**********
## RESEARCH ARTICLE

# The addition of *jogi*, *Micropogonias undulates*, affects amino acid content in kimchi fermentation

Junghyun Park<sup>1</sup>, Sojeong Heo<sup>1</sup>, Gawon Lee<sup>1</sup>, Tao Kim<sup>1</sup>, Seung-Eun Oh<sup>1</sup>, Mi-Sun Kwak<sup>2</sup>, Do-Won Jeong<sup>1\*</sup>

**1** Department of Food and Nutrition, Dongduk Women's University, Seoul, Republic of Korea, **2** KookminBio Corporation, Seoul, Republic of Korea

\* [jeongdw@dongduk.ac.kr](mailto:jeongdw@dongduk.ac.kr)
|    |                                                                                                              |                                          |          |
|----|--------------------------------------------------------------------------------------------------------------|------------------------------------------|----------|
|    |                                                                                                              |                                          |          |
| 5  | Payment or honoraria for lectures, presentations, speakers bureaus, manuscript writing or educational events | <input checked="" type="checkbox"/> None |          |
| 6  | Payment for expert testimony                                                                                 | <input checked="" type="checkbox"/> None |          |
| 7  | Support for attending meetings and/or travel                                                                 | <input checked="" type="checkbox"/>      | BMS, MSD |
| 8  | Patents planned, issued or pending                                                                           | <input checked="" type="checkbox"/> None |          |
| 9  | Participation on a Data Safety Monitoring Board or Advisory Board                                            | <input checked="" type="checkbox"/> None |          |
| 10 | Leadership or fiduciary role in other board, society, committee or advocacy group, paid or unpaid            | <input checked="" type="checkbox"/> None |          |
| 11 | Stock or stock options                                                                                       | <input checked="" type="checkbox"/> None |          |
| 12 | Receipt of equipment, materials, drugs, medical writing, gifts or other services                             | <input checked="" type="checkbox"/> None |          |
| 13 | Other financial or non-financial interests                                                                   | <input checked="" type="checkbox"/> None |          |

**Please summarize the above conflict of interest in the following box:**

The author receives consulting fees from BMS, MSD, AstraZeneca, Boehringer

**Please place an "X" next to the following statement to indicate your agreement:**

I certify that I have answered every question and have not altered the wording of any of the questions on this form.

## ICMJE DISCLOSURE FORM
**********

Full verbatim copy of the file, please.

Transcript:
## RESEARCH ARTICLE

# The addition of *jogi*, *Micropogonias undulates*, affects amino acid content in kimchi fermentation

Junghyun Park<sup>1</sup>, Sojeong Heo<sup>1</sup>, Gawon Lee<sup>1</sup>, Tao Kim<sup>1</sup>, Seung-Eun Oh<sup>1</sup>, Mi-Sun Kwak<sup>2</sup>, Do-Won Jeong<sup>1\*</sup>

**1** Department of Food and Nutrition, Dongduk Women's University, Seoul, Republic of Korea, **2** KookminBio Corporation, Seoul, Republic of Korea

\* [jeongdw@dongduk.ac.kr](mailto:jeongdw@dongduk.ac.kr)
|    |                                                                                                              |                                          |          |
|----|--------------------------------------------------------------------------------------------------------------|------------------------------------------|----------|
|    |                                                                                                              |                                          |          |
| 5  | Payment or honoraria for lectures, presentations, speakers bureaus, manuscript writing or educational events | <input checked="" type="checkbox"/> None |          |
| 6  | Payment for expert testimony                                                                                 | <input checked="" type="checkbox"/> None |          |
| 7  | Support for attending meetings and/or travel                                                                 | <input checked="" type="checkbox"/>      | BMS, MSD |
| 8  | Patents planned, issued or pending                                                                           | <input checked="" type="checkbox"/> None |          |
| 9  | Participation on a Data Safety Monitoring Board or Advisory Board                                            | <input checked="" type="checkbox"/> None |          |
| 10 | Leadership or fiduciary role in other board, society, committee or advocacy group, paid or unpaid            | <input checked="" type="checkbox"/> None |          |
| 11 | Stock or stock options                                                                                       | <input checked="" type="checkbox"/> None |          |
| 12 | Receipt of equipment, materials, drugs, medical writing, gifts or other services                             | <input checked="" type="checkbox"/> None |          |
| 13 | Other financial or non-financial interests                                                                   | <input checked="" type="checkbox"/> None |          |

**Please summarize the above conflict of interest in the following box:**

The author receives consulting fees from BMS, MSD, AstraZeneca, Boehringer

**Please place an "X" next to the following statement to indicate your agreement:**

I certify that I have answered every question and have not altered the wording of any of the questions on this form.

## ICMJE DISCLOSURE FORM